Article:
Goodland also mentions a brief window for severe weather in their eastern counties:
A west-east or WSW-ENE oriented frontal zone in northwest Kansas may serve as a focus for convective development this afternoon [1pm-7pm CDT] …Large hail assoc/w isolated elevated supercells along/north of I-70 appear to be the primary threat, however, if deviant storm motion increases updraft residence time [near the front] — all severe hazards would be possible.
Here are the graphics from the NWS offices that made enough mention of severe risks (in my opinion) to highlight:
The greatest economic risk all the way around is the wind — not only the damage possible from strong wind on both sides of the system, but the wind’s impact on two conditions at the opposite end of the spectrum: fire and blizzards.
Southwest Kansas is the place of highest threat. With dew points in the teens and low 20’s and wind gusts of up to 55 miles an hour, conditions are ripe for explosive fire growth if something gets started.
There will be two distinct wind impact times any any given location: the warm-side winds this afternoon, bringing in the dry air form the southwest. Most predictions have the highest wind on this side of the system lasting for 4-6 hours or so. Here’s an example from the Dodge City discussion:
The first high wind episode will commence shortly after Noon across far southwest KS first…35 to 40 knot sustained winds are almost a certainty, especially after 20Z (3 PM). The main question is how far north this deep southwest momentum will mix to. It seems as though the models have been trending farther north with each run, perhaps extending as far north as southern Trego-Ellis County. [4pm-6pm CDT]…several 55 knot surface gusts, especially DDC south to LBL corridor.
The second, and potentially higher-impact, wind damage possibility comes as the low starts to move east and even stronger winds ramp up out of the north and northwest. Not only will peak wind likely be higher west of the low, but it’s likely to last several hours longer. Look for this from about midnight in the west to about noon in central Kansas, and another burst of wind for a couple of hours in western Kansas tomorrow afternoon. Don’t look for wind to calm down below 30 mph until Thursday night or even Friday morning in some locations.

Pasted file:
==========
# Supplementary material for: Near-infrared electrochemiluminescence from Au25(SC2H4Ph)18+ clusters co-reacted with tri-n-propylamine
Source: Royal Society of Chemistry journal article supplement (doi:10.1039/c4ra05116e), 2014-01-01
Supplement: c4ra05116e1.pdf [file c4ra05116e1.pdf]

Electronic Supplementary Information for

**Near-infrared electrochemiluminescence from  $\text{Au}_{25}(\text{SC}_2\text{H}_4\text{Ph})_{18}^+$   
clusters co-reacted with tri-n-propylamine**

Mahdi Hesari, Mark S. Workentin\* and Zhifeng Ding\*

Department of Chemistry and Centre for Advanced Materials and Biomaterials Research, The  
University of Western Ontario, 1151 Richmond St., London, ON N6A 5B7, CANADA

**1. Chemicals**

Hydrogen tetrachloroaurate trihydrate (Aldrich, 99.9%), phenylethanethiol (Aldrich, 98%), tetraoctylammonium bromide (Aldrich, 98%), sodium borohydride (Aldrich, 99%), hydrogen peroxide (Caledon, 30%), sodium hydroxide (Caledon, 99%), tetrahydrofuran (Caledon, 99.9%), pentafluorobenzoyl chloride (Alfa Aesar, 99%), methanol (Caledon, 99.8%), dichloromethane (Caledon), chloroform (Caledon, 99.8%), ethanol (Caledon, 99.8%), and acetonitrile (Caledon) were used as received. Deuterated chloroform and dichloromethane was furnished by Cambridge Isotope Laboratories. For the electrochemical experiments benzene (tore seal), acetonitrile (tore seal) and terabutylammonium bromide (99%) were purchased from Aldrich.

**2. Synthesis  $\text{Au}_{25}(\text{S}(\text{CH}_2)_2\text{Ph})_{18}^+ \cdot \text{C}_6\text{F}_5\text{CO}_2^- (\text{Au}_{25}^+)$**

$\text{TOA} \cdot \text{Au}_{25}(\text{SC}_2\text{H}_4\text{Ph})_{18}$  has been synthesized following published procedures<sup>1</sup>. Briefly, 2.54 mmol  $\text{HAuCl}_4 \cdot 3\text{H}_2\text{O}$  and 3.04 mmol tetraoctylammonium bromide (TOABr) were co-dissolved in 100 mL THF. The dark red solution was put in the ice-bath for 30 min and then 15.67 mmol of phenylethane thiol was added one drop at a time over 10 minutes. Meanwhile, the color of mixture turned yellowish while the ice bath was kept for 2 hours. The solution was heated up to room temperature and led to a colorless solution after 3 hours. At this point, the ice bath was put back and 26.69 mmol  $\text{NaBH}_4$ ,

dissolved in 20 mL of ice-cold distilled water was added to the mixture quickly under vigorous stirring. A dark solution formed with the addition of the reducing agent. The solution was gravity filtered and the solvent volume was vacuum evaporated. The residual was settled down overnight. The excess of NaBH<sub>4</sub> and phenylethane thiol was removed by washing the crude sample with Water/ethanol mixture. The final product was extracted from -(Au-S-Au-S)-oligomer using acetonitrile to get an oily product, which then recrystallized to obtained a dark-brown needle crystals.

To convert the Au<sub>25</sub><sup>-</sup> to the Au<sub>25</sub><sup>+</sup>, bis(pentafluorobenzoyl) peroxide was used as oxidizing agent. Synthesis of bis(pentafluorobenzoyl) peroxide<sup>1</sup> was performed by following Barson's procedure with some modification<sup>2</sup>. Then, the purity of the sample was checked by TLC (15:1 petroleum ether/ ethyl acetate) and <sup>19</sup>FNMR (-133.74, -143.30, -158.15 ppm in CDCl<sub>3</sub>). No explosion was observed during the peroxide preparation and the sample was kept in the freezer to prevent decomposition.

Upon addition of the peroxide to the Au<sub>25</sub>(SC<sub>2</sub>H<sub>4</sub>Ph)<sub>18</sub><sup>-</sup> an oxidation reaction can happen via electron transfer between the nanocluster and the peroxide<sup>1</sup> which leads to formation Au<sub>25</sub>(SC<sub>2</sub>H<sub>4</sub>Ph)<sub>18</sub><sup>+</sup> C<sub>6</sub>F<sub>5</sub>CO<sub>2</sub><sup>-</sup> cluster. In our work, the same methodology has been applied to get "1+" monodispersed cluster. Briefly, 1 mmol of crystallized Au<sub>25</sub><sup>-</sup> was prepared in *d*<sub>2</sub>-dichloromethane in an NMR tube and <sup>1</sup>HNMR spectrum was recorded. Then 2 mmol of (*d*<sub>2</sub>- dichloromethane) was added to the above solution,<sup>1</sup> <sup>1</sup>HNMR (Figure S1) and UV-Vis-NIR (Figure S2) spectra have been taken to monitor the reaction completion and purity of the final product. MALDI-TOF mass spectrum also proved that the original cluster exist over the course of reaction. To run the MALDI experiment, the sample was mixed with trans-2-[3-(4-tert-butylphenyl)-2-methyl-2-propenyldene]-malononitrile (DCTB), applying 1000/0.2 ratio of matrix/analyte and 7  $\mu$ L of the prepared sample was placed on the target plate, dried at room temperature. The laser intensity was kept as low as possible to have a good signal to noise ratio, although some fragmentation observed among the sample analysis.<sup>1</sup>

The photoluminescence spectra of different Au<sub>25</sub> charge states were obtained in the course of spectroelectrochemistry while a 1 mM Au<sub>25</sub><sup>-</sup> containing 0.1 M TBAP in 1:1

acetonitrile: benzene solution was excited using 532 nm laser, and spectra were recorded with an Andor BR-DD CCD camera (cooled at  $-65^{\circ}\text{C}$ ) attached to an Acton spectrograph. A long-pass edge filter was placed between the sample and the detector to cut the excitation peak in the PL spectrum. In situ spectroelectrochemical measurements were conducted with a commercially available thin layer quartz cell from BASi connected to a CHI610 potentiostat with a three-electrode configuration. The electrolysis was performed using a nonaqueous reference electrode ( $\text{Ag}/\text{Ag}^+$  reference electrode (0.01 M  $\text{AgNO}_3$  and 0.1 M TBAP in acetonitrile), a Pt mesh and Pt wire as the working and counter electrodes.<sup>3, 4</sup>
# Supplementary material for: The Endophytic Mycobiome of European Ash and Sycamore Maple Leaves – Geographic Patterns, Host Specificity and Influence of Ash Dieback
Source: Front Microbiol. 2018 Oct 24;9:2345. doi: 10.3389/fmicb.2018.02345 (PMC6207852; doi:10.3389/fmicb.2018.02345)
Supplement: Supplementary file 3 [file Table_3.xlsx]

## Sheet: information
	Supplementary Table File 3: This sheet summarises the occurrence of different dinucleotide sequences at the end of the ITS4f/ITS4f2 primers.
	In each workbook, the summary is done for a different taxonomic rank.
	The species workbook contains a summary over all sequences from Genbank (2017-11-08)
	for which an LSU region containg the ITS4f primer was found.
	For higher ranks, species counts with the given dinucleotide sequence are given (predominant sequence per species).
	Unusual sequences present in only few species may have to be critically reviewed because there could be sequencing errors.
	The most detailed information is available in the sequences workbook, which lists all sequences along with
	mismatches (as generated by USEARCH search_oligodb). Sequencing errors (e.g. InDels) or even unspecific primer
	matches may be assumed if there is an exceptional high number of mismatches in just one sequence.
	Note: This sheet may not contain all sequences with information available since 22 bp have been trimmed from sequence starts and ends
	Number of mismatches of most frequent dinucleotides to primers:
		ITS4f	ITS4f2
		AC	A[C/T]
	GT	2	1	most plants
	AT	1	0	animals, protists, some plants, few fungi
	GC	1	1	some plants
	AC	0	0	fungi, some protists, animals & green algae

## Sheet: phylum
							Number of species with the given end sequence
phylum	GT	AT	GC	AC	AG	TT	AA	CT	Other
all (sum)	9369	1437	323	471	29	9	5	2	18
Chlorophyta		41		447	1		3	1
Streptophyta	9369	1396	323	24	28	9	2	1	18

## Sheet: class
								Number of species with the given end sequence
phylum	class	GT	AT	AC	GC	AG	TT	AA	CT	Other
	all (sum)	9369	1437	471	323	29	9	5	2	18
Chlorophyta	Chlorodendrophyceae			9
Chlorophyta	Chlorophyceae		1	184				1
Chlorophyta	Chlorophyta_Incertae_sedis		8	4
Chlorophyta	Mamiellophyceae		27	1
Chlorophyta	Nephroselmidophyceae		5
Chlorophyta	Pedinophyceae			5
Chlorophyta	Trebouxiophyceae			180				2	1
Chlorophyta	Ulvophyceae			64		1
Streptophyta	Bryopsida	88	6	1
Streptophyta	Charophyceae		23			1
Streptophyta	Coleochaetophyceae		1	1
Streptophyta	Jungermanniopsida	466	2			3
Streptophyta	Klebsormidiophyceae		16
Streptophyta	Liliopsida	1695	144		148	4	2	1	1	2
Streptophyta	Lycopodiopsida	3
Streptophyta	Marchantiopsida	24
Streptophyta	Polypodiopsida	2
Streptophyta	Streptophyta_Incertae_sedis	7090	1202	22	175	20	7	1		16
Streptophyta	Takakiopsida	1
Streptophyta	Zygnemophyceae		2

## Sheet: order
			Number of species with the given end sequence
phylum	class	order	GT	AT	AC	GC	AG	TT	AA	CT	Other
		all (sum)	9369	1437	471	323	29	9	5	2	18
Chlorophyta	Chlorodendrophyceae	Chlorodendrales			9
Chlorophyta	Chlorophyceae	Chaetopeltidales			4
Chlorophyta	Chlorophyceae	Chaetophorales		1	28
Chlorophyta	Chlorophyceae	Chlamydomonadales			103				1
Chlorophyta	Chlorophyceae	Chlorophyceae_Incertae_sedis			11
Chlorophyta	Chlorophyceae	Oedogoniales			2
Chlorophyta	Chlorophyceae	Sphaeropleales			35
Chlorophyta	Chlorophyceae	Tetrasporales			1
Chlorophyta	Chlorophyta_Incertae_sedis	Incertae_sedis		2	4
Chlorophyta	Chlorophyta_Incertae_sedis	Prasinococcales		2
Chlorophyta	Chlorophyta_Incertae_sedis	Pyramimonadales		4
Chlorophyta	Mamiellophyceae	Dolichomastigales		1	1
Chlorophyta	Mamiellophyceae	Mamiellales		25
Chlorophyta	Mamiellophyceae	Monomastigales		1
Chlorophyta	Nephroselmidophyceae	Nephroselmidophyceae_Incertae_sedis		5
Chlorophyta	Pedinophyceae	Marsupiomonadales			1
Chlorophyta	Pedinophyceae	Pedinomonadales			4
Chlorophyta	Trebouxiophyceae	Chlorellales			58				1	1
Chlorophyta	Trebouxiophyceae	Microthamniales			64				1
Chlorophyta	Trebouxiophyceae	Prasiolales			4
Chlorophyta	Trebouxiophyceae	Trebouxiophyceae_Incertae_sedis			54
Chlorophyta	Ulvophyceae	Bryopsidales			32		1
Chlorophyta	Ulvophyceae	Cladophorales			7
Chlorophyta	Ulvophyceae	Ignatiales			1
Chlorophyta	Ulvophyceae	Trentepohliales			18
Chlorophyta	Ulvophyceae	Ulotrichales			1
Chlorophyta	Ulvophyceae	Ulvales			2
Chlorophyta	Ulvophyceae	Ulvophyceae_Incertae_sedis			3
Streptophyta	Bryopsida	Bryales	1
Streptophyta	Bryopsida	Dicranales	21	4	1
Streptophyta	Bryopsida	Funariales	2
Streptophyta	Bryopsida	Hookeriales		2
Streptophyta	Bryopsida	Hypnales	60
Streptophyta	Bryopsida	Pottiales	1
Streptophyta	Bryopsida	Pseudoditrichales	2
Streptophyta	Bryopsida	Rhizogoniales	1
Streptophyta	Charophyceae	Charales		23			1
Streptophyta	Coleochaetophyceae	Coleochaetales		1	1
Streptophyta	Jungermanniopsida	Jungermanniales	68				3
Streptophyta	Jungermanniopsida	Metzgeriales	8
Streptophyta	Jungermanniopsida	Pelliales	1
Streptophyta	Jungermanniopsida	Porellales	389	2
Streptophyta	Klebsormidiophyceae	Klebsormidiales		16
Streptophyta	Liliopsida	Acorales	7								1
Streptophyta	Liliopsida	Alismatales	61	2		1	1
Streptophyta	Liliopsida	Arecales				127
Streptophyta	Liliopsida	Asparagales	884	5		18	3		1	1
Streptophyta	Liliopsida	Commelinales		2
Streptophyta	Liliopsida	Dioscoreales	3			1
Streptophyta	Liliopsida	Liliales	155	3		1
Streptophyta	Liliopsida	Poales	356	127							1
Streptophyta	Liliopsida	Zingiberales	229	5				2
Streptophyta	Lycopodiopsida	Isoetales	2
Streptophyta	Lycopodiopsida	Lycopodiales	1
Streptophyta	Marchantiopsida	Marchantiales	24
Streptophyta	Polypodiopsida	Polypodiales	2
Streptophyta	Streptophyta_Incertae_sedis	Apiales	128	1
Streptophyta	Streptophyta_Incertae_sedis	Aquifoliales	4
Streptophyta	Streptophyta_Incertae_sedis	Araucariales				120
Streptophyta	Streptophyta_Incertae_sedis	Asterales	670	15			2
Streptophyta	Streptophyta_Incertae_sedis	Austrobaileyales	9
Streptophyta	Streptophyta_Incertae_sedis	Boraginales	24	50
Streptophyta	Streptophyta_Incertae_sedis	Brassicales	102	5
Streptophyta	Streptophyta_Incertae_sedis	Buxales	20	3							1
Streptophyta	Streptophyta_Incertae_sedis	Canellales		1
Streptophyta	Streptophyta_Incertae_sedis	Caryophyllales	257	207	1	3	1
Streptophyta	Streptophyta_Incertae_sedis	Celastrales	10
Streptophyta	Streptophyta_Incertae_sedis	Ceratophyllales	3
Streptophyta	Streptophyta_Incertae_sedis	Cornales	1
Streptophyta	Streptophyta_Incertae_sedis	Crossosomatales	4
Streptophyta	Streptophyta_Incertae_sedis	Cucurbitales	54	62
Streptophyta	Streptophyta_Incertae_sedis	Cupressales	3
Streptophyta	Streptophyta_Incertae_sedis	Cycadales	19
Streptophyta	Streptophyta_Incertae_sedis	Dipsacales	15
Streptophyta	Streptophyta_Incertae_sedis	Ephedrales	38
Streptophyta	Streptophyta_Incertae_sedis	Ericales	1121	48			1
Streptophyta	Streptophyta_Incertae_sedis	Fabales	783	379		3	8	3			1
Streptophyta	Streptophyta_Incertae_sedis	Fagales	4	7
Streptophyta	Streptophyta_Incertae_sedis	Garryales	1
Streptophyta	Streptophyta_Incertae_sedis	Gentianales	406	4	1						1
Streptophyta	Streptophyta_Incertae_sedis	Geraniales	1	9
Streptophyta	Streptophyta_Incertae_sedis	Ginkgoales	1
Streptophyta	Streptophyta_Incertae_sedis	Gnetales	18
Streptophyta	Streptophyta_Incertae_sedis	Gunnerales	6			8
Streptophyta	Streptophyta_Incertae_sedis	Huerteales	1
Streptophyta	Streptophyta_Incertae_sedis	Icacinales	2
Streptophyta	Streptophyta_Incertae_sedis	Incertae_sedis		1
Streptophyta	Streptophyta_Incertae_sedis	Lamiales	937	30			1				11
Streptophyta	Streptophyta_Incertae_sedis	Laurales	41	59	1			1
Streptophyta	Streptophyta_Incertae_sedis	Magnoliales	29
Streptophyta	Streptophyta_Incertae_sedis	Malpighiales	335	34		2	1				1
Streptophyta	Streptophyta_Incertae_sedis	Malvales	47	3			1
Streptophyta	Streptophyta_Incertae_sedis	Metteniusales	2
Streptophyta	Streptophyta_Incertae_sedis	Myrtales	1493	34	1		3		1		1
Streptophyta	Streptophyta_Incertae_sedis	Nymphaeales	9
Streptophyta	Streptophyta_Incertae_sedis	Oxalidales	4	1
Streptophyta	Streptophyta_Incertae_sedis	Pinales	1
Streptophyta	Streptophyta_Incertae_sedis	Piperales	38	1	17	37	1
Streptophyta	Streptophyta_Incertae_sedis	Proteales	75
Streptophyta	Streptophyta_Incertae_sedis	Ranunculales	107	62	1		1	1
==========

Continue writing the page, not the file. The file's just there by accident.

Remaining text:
With wind like this it won’t take a lot of snow to create extreme to whiteout conditions. In Kansas, this will primarily affect the the six or seven furthest northwest counties. Here’s the key section of the Goodland discussion:
[E]xpect a rapid west-east transition from rain to wet snow late this aft/eve — on the western periphery of the deepening cyclone as it tracks from western->central Kansas. [C]considerable uncertainty persists with regard to precipitation amounts. In general, the greatest potential for accumulating snow appears to be north of I-70 and west of Hwy 283, where a Blizzard Warning is in effect.
It is important to remember that, regardless of snow amounts, this is a dangerous storm that will severely impact travel across the Tri-State area late this afternoon through mid-day Thursday.
Temperature swings are going to be pretty amazing, from highs this afternoon in the 80’s many places, to wind chills in the teens early Thursday. And don’t look now, but there will be a hard freeze out west Thursday night into Friday morning.